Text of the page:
No matter how well-planned a message is, miscommunication could always be imminent.
When Elton John recorded "Tiny Dancer," he didn’t expect listeners to hear, "Hold me closer, Tony Danza." According to Toto’s "Africa," "there’s nothing that a hundred men or more" - not on Mars - "could ever do."
Miscommunications can happen in all types of exchanges: a text message to a friend, an email from a co-worker, even a phone interview with a candidate. They usually result in follow-up questions that only take a few seconds to clear up, but make no mistake: Depending on the timing, frequency and size, miscommunications can cause frustration, break conversations and even damage relationships.
To help your messages remain clear, try these six tips in your communications with candidates:
- Consider the best communication method.
A good rule of thumb in communication is the more senses that can be involved, the less chance for a misunderstanding. With face-to-face meetings, you can hear others’ responses and tone, see their body language and gain an overall feeling from the conversation. Phone calls retain the ability to hear tone but eliminate the opportunity to pick up on body language. And email is limited to nonverbal communication that can potentially be misinterpreted.
When deciding on the appropriate communication method, start by asking your candidate whether they have a preference.
You should also consider the information being shared and the level of urgency. Confirming minor details or providing updates can likely be handled via email, while a phone call is likely better for time-sensitive issues and topics likely to elicit questions.
Some instances might warrant multiple communication points. For example, if you’re presenting a letter of intent or job offer, you might use email to share a document and schedule a call to formally review.
- Eliminate errors.
"It’s better to measure twice and cut once."
While the adage applies specifically to carpentry, it holds true in communication. It’s better to take a little extra time to ensure a message is accurate instead of speedily communicating something, only to spend more time and energy clarifying details later.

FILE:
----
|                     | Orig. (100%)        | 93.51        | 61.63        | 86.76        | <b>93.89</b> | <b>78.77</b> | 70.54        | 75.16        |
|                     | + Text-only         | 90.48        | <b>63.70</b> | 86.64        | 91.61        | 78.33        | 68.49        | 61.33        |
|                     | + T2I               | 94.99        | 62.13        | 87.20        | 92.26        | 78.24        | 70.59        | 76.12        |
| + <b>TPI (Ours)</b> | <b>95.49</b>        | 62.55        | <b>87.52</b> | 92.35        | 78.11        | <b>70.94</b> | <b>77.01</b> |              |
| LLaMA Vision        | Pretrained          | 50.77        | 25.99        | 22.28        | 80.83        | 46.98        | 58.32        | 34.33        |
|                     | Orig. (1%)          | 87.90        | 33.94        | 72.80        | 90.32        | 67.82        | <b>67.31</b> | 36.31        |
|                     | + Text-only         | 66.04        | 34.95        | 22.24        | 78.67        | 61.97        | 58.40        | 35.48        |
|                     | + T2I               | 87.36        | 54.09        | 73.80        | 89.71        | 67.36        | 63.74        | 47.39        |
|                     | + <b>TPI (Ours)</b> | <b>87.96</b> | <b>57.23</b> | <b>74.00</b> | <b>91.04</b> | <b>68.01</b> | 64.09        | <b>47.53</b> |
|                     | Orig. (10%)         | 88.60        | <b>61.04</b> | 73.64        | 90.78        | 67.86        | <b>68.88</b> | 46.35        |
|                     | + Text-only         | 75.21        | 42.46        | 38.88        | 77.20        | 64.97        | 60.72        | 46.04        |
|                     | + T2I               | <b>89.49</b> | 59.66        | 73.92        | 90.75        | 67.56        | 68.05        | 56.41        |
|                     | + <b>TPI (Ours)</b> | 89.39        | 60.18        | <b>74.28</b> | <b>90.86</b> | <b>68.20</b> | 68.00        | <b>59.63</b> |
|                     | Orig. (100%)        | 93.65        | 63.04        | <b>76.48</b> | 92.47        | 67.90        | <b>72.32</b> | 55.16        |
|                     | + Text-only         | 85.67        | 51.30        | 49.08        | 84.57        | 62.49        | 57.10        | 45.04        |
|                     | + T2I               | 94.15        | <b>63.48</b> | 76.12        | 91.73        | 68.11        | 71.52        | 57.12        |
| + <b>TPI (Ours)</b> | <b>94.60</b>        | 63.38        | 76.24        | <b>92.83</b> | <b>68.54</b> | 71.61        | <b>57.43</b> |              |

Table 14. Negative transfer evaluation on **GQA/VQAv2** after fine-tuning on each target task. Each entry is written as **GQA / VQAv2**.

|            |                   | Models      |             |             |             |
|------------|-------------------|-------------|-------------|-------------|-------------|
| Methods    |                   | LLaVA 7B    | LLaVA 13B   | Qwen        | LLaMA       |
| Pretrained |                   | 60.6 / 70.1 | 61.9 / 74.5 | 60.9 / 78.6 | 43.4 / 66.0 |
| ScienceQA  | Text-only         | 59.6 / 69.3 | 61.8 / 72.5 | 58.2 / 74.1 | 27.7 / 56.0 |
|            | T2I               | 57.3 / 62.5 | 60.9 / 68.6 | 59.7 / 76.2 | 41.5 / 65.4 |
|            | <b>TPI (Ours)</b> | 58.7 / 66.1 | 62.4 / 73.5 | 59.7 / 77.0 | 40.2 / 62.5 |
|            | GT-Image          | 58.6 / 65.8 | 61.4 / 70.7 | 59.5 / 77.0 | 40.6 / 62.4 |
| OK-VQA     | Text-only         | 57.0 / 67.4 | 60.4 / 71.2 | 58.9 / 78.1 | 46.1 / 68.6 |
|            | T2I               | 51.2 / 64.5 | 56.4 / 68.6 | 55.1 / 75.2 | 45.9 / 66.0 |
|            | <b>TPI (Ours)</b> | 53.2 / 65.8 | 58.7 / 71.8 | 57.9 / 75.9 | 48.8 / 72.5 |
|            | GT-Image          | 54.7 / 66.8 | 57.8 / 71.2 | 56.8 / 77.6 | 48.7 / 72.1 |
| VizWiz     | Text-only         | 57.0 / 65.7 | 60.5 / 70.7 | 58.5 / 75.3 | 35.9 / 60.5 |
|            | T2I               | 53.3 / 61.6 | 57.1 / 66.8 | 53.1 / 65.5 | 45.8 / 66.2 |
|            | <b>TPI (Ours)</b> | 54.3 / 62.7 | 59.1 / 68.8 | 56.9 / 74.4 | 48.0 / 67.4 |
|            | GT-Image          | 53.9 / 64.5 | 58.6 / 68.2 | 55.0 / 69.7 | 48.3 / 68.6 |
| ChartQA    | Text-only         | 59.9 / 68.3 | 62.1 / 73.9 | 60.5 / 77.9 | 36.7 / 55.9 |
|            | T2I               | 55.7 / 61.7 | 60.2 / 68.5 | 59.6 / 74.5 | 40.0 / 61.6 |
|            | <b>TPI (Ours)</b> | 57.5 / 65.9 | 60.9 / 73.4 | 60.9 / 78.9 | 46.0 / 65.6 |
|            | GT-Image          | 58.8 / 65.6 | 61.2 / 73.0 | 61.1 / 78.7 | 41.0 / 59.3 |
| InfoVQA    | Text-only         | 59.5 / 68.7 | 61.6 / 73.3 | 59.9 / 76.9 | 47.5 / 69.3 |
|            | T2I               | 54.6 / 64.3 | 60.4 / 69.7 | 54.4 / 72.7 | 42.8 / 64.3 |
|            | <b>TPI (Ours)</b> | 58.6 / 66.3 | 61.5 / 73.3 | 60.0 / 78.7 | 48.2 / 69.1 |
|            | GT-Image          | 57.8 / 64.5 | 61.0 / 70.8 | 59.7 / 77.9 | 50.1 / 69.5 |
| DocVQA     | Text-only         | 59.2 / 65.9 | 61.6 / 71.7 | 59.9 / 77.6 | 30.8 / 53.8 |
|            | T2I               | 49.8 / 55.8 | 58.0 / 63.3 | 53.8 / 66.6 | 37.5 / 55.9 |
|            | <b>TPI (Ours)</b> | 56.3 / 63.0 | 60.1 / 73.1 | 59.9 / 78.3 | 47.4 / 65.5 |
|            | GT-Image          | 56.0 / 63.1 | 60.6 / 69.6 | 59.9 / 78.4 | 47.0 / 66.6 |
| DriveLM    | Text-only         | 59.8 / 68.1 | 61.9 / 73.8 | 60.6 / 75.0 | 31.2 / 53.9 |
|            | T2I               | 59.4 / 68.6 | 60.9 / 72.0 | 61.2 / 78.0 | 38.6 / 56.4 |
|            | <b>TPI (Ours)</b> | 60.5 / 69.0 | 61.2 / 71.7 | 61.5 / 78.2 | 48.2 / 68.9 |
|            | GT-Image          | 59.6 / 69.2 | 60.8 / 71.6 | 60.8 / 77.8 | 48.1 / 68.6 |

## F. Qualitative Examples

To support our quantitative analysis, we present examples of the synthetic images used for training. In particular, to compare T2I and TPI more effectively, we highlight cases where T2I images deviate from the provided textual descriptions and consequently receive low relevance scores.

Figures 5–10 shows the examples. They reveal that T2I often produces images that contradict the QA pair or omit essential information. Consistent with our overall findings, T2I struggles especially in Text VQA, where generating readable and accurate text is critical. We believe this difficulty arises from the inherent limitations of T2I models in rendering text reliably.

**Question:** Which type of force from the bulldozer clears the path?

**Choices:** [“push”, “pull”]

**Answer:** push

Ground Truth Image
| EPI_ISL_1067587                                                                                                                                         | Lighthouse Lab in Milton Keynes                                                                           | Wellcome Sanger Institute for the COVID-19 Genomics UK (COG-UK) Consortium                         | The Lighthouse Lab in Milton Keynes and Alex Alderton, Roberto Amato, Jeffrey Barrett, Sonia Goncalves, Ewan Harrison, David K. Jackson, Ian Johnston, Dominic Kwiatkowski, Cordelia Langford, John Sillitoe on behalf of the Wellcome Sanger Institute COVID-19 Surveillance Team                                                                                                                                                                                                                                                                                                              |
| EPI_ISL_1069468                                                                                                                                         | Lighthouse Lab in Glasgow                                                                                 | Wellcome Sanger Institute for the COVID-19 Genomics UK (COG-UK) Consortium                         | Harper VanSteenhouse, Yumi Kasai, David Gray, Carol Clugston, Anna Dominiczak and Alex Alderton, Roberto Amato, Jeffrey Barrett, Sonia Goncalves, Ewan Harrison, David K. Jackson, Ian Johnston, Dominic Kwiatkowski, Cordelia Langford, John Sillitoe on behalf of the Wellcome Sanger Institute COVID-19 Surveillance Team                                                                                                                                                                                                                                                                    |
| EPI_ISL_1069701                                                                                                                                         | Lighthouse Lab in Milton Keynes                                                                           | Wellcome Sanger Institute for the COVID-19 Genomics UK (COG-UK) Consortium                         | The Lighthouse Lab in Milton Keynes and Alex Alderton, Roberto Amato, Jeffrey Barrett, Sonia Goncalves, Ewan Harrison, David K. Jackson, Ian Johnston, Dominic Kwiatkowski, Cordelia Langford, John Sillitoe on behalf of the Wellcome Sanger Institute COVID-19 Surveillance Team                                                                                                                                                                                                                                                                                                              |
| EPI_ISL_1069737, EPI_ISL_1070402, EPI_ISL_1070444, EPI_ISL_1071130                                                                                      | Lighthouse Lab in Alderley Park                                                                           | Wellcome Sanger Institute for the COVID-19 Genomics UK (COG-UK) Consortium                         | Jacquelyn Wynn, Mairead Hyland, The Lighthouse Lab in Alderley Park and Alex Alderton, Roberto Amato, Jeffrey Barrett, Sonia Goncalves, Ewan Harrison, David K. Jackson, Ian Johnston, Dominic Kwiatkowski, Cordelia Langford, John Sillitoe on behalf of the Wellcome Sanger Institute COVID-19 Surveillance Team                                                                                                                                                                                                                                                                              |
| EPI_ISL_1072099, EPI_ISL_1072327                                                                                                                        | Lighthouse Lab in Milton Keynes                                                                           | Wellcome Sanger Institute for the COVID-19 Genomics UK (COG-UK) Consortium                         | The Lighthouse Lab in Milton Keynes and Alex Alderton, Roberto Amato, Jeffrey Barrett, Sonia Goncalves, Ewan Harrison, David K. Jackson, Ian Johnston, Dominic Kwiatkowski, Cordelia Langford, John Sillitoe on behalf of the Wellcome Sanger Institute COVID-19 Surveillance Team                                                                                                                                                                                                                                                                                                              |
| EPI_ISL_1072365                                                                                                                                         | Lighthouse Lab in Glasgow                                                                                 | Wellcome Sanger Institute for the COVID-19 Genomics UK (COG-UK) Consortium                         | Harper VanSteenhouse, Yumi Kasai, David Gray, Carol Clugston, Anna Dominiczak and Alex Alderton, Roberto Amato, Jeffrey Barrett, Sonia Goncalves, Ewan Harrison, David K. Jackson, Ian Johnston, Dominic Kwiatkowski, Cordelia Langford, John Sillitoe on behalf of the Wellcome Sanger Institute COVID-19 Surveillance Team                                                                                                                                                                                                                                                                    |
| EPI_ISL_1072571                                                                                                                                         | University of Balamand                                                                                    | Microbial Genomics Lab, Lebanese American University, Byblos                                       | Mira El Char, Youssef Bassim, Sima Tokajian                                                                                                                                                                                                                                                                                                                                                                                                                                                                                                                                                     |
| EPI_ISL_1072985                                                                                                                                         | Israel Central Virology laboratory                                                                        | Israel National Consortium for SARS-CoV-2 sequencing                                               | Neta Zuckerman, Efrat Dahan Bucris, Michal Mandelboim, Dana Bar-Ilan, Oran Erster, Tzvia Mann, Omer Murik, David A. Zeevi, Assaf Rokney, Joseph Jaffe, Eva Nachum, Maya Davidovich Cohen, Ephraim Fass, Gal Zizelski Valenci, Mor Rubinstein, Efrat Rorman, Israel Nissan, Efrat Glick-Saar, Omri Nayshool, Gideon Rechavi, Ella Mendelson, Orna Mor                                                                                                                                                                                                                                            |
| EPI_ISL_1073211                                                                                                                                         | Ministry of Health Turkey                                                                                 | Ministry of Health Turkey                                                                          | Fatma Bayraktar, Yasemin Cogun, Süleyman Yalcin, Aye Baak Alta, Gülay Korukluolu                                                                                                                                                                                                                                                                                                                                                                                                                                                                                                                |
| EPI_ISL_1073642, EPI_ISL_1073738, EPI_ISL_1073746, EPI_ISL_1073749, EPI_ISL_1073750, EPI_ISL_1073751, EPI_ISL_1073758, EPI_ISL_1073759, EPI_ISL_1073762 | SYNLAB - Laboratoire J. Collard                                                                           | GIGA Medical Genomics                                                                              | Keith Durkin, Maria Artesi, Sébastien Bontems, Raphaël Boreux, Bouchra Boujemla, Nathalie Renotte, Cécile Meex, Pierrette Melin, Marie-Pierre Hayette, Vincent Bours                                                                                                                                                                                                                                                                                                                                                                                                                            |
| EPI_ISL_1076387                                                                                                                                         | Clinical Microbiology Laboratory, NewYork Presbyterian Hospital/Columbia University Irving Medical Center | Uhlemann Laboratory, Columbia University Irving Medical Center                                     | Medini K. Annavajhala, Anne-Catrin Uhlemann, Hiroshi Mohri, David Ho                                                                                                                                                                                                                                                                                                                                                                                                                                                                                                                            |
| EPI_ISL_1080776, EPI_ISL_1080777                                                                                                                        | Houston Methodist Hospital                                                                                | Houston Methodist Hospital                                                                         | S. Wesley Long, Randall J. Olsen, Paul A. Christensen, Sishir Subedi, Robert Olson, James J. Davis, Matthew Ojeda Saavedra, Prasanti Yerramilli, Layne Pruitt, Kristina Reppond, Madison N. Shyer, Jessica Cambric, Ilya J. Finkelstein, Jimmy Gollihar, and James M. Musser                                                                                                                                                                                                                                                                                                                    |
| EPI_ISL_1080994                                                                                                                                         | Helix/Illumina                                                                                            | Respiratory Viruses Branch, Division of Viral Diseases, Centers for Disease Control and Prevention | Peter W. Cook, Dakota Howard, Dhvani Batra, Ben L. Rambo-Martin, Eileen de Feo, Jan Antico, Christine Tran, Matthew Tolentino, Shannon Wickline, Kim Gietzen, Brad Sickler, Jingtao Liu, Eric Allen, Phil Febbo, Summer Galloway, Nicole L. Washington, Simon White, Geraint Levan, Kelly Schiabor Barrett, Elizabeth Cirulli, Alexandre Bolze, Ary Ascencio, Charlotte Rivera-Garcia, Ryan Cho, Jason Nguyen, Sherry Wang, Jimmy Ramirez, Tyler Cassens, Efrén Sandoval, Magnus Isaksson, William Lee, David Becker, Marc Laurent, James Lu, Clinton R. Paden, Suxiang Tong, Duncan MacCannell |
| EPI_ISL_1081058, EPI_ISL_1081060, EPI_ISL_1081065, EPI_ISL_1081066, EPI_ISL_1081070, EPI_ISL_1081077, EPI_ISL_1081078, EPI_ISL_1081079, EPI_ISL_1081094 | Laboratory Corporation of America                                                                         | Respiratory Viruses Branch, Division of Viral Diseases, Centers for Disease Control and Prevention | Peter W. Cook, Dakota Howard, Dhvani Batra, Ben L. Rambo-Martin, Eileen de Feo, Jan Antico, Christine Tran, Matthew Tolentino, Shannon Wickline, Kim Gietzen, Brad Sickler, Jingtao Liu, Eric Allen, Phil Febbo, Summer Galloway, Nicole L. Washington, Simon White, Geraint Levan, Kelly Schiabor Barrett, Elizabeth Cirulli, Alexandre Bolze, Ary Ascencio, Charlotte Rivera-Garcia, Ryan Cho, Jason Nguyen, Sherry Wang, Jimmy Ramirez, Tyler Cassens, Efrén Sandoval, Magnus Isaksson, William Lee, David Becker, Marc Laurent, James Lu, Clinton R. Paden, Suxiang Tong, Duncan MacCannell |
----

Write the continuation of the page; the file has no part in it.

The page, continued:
- Know your communication tendencies.
A message may carry the best intentions, but the recipient could still misinterpret it based on word choice, tact or diction. When preparing your communications, review for unintended emotions or meanings that may have been included inadvertently.
- Avoid assumptions.
Institutional knowledge is the experiences, statistics, procedures, terminology and other information gained by being with a group for a long period of time. The longer you’ve been in an industry, organization or role, the more institutional knowledge you’ve acquired. It’s great for your ability to communicate with others in the same group, but it can be a barrier when communicating with people outside of it.
To overcome this barrier, spell out details figuratively and literally:
- Figuratively - Be clear and concise in any instructions. Leave as little open to interpretation as possible.
- Literally - Consider phrases, terminology and acronyms you use often. If the person with whom you’re communicating isn’t familiar with your organization, will they understand what everything means?
- Practice active listening.
When having a conversation or reading an email, avoid the urge to multitask. Give the person or message your undivided attention. Focus on the information being shared and any questions being asked. When in person, this includes picking up on body language.
Active listening helps you comprehend their message and - when you don’t understand or something sounds off - it helps you identify the necessary follow-up questions to fully grasp what’s being communicated.
- Anticipate questions.
When planning a communication, try to think about what questions may follow. This proactive thinking can help reduce the amount of back and forth. It also gives you time to think through and research answers, allowing you to deliver them more confidently.
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